Ordinary citizens of the country already have enough issues/problems to struggle with of which price rise/inflation being the severe most. To continue the struggle, people gradually need more earning which requires greater time consumption on livelihood activities. In a situation like this it is foolish on the part of local governments to even think that people should be ready to do something which (i) requires them spending additional cost, time and energy; (ii) does not give any incentive; and (iii) becomes a headache at the end.     


The only possible resolution of this conflict seems to be an Incentive Based Waste Segregation Model which will not only help an effective municipal waste management but also India’s journey towards energy efficiency in addition to guaranteeing incentive to the citizens.


Step 1: Citizens will segregate the biodegradable wastes in special containers;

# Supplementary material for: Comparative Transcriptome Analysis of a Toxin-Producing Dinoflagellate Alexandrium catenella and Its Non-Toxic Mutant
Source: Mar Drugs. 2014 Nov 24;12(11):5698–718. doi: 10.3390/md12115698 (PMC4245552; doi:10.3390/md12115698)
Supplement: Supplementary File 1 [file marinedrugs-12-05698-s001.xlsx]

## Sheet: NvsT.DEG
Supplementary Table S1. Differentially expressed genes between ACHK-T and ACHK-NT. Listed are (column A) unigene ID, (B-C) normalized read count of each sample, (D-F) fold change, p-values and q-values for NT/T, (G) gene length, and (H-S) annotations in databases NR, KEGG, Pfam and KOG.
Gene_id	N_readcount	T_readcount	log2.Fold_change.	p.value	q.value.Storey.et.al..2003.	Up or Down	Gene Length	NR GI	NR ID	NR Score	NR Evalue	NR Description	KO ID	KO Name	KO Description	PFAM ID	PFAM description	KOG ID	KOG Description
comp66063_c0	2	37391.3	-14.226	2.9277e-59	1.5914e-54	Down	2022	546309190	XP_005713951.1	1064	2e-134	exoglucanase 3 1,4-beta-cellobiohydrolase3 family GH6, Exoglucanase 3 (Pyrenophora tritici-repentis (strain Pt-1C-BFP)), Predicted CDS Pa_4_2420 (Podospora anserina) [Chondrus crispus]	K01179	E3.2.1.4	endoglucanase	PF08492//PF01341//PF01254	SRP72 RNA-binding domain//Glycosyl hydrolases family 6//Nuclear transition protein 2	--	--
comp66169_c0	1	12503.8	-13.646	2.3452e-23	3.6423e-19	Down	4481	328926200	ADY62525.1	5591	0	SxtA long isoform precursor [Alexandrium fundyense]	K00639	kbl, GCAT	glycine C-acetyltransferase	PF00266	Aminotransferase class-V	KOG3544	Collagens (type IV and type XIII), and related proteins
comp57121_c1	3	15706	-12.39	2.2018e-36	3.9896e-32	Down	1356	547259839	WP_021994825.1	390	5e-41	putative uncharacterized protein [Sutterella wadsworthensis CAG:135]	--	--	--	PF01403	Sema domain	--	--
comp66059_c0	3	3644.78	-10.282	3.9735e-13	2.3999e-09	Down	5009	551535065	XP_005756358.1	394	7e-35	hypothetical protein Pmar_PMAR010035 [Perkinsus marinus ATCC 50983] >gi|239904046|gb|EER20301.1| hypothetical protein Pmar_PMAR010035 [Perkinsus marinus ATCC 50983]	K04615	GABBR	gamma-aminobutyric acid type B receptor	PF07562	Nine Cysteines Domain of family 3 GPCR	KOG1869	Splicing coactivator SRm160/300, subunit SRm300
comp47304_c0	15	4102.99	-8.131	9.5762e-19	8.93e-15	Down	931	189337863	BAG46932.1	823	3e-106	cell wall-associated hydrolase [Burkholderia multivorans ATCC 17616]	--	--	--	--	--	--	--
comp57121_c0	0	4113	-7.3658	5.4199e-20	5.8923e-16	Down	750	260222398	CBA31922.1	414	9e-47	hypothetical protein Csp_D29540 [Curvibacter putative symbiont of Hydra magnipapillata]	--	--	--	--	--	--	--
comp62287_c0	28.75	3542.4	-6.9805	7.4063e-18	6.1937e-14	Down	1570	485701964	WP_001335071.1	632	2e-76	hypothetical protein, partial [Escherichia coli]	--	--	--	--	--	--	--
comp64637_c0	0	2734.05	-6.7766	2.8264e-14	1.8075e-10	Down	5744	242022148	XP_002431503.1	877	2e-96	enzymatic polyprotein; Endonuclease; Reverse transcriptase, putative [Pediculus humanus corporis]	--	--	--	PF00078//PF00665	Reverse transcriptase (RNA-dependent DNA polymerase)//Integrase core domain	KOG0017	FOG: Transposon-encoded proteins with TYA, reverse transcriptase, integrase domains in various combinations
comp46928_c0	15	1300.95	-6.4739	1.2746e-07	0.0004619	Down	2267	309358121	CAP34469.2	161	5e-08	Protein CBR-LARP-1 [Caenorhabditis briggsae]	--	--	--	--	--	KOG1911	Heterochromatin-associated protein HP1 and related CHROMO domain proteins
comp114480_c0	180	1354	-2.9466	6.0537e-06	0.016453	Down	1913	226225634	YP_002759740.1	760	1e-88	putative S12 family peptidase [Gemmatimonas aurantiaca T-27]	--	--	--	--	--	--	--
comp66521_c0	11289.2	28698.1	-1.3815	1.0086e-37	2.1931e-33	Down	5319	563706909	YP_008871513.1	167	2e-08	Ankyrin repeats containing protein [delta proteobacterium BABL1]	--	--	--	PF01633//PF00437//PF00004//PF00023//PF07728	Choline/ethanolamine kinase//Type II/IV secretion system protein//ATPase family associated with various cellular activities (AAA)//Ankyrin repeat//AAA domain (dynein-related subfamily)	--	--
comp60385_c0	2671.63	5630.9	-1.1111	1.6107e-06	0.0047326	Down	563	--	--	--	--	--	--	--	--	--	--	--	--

Step 2: Trained representatives of bio-gas companies will come to doorstep, inspect, weigh and collect the organic wastes;

Step 3: The respective citizens will be paid for the organic wastes at a rate notified by the government in consultation with the association of bio-gas entrepreneurs (say Rs. 10/- per kg);

Step 4: Collected organic waste will be loaded into CNG waste dumpers (which means they can run on bio-gas as well);

Step 5: The organic wastes will be taken to bio-gas bottling plants located at the outskirts of the city;

Step 6: The bio-gas bottling plants will process the waste, produce bio-CNG and bottle it to compressed bio-CNG cylinders (for domestic/commercial/industrial usage);